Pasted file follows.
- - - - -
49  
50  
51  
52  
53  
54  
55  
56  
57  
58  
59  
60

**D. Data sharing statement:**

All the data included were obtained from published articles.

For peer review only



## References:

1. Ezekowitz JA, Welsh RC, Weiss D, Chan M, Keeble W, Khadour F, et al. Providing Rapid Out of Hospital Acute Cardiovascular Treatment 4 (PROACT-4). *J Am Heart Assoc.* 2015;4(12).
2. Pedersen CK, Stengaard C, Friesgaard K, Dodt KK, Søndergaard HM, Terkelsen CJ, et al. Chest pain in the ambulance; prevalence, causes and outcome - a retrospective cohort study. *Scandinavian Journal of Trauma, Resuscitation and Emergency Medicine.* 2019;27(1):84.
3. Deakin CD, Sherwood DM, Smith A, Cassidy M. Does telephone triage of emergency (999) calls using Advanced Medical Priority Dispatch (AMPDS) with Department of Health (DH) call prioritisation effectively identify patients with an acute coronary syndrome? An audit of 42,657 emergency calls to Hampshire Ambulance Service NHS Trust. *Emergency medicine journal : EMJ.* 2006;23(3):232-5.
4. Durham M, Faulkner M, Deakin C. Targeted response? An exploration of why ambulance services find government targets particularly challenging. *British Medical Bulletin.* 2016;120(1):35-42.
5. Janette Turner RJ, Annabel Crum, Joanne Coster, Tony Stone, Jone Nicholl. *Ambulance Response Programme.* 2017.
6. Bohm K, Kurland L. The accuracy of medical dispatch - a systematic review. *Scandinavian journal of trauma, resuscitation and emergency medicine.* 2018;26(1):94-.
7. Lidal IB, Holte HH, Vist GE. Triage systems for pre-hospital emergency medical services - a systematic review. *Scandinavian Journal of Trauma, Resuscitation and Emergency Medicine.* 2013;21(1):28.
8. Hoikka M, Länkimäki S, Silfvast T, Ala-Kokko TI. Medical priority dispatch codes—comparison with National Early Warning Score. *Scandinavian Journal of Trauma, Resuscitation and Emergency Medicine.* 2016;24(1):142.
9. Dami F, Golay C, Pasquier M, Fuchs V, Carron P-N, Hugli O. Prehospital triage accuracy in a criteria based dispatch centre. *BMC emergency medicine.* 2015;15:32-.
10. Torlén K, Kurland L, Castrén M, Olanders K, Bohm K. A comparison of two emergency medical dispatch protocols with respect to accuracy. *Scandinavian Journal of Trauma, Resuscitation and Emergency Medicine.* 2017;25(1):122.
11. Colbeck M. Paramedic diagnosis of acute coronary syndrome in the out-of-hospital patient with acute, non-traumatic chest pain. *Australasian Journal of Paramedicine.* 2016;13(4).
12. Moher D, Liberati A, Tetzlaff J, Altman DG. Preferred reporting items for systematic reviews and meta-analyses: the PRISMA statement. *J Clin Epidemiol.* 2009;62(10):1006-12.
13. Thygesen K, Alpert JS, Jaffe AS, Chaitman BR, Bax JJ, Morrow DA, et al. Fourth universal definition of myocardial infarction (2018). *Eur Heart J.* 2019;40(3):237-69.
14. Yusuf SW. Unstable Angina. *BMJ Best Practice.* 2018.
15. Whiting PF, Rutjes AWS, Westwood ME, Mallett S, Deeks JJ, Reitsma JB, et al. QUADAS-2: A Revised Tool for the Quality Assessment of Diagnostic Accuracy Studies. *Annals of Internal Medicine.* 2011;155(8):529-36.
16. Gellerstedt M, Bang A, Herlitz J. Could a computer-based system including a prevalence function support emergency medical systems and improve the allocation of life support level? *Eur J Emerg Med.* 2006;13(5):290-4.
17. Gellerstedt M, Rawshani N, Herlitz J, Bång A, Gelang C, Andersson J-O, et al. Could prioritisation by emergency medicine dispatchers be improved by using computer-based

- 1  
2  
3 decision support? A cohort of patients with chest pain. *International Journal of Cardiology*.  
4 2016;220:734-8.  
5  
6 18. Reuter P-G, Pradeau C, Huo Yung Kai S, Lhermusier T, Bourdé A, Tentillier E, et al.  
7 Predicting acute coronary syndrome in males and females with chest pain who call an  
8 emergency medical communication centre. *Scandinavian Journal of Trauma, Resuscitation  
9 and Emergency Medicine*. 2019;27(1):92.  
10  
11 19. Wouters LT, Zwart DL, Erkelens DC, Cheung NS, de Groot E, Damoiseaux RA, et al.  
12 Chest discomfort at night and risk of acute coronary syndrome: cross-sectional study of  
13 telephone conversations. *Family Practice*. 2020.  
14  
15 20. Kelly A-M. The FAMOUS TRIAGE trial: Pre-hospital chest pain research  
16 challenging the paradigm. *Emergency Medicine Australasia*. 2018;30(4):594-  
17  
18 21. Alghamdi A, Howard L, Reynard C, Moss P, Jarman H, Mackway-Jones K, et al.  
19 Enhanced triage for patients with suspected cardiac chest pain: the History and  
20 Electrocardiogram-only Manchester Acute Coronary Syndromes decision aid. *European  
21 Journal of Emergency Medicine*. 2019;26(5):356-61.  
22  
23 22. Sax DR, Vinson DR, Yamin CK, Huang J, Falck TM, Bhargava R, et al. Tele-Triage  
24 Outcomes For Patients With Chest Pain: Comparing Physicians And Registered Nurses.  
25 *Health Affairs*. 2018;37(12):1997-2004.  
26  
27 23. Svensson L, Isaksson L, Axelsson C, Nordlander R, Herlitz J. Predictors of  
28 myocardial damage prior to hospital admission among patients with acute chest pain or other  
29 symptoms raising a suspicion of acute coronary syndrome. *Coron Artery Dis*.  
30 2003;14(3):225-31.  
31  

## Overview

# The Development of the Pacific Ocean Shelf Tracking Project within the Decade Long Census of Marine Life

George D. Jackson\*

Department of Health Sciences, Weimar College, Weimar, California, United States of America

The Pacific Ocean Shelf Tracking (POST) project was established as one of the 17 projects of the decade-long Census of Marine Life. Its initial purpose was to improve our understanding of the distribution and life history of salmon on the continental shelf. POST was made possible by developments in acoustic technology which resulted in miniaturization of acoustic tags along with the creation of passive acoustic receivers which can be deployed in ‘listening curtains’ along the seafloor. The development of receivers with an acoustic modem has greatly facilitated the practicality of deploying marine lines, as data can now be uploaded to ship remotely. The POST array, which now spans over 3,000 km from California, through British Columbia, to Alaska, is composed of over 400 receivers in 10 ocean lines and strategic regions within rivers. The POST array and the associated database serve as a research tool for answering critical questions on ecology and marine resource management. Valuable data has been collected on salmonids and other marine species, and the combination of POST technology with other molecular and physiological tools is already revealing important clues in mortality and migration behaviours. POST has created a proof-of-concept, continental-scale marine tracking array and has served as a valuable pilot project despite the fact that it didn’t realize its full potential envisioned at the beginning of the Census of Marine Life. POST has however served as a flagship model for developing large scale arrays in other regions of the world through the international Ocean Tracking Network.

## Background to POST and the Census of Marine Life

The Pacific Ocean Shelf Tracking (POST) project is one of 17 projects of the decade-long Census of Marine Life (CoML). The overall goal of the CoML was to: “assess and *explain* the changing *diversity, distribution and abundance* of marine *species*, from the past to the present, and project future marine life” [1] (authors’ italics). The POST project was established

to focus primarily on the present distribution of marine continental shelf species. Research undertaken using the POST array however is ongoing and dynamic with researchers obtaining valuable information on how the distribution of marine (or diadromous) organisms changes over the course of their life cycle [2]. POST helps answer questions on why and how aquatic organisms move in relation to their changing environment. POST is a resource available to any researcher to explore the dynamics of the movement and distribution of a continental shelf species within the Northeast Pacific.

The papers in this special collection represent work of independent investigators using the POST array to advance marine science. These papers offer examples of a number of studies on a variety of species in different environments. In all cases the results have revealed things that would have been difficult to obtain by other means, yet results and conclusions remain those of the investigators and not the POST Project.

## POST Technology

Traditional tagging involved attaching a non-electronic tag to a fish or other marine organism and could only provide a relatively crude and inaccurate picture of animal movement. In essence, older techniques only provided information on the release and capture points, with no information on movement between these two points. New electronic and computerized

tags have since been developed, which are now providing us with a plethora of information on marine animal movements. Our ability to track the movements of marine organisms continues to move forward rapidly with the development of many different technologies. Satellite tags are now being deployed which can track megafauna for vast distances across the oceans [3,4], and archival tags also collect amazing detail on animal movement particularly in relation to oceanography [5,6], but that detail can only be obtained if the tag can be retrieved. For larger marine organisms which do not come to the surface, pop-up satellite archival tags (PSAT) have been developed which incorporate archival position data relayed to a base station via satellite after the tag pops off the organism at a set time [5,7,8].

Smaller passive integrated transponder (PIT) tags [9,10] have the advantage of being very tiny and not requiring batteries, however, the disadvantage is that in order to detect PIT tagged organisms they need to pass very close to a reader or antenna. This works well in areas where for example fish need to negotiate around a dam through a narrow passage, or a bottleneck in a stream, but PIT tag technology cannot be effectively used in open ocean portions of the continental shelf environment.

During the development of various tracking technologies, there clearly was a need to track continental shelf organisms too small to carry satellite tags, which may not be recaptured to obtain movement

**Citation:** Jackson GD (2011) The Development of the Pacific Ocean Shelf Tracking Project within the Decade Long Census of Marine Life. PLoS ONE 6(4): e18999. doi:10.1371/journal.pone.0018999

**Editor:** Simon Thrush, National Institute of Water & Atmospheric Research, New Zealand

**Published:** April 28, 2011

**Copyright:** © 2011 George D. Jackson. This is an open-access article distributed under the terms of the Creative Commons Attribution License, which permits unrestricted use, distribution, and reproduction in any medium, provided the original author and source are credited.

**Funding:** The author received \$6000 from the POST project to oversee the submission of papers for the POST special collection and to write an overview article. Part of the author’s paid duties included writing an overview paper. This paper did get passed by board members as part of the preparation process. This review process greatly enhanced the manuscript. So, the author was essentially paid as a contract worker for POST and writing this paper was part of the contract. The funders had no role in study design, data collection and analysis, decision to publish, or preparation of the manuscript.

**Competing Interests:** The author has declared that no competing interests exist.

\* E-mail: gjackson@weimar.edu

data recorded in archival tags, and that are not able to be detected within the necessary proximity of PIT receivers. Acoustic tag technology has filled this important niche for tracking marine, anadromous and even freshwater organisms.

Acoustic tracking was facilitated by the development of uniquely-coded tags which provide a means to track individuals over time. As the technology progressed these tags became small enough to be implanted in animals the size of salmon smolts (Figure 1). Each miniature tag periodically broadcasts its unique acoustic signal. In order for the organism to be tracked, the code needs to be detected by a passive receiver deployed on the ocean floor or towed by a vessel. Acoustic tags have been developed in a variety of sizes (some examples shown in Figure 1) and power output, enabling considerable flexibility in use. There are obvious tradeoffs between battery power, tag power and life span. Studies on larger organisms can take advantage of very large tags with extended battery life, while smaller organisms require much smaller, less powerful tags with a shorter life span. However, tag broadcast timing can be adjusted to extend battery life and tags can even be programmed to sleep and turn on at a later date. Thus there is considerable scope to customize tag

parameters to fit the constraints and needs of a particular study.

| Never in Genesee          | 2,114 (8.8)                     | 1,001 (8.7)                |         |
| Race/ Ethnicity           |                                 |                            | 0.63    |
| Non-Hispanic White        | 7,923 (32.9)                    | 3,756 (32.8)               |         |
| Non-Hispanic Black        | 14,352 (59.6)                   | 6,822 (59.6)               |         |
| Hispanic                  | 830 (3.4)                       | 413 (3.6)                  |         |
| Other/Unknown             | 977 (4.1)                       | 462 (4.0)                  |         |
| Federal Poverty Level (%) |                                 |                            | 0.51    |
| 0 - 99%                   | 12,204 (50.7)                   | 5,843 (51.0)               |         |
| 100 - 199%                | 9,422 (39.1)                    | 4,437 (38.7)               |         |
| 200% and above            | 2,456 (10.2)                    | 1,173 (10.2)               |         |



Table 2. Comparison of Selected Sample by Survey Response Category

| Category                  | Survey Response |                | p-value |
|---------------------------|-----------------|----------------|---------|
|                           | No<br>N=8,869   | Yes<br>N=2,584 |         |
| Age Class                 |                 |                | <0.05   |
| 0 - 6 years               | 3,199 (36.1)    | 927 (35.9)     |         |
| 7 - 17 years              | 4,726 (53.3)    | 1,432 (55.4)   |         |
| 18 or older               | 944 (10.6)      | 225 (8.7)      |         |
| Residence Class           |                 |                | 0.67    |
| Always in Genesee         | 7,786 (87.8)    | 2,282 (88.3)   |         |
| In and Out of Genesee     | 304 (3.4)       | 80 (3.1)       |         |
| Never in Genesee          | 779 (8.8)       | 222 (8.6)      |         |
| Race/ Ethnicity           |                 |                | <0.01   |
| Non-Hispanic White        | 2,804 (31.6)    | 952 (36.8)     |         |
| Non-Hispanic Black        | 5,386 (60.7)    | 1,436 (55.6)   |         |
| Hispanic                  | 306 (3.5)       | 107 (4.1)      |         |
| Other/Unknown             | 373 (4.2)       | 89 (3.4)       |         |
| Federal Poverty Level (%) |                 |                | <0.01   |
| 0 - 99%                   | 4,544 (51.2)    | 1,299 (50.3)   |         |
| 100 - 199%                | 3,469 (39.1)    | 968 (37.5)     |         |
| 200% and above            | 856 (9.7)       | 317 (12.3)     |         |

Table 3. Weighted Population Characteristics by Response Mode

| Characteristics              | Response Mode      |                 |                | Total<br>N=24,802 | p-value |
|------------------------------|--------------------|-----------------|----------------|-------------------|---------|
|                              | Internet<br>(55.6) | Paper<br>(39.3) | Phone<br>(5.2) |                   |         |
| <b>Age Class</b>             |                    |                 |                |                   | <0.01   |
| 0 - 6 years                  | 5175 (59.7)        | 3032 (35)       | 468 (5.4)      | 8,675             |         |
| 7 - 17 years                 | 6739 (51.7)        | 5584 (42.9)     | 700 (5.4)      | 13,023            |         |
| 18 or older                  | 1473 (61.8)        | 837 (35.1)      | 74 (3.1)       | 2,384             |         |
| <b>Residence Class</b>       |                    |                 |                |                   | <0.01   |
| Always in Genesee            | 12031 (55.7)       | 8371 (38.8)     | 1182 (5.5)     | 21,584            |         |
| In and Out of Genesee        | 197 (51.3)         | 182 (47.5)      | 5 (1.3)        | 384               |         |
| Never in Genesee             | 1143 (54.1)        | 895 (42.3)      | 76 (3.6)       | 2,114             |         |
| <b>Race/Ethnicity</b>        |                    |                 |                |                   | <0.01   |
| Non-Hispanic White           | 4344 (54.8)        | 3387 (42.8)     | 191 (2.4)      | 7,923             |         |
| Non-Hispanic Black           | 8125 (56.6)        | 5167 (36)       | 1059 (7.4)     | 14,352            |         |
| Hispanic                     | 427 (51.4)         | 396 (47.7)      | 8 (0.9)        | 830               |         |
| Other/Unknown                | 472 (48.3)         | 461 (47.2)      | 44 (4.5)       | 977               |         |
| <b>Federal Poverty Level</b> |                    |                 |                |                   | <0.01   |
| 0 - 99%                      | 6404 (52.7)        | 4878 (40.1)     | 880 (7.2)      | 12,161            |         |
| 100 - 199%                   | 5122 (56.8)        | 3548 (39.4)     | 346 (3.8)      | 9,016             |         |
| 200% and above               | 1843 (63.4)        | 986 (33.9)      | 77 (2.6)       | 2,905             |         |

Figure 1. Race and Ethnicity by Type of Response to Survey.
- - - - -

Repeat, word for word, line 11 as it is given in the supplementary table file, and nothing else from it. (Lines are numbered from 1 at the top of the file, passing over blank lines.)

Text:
59  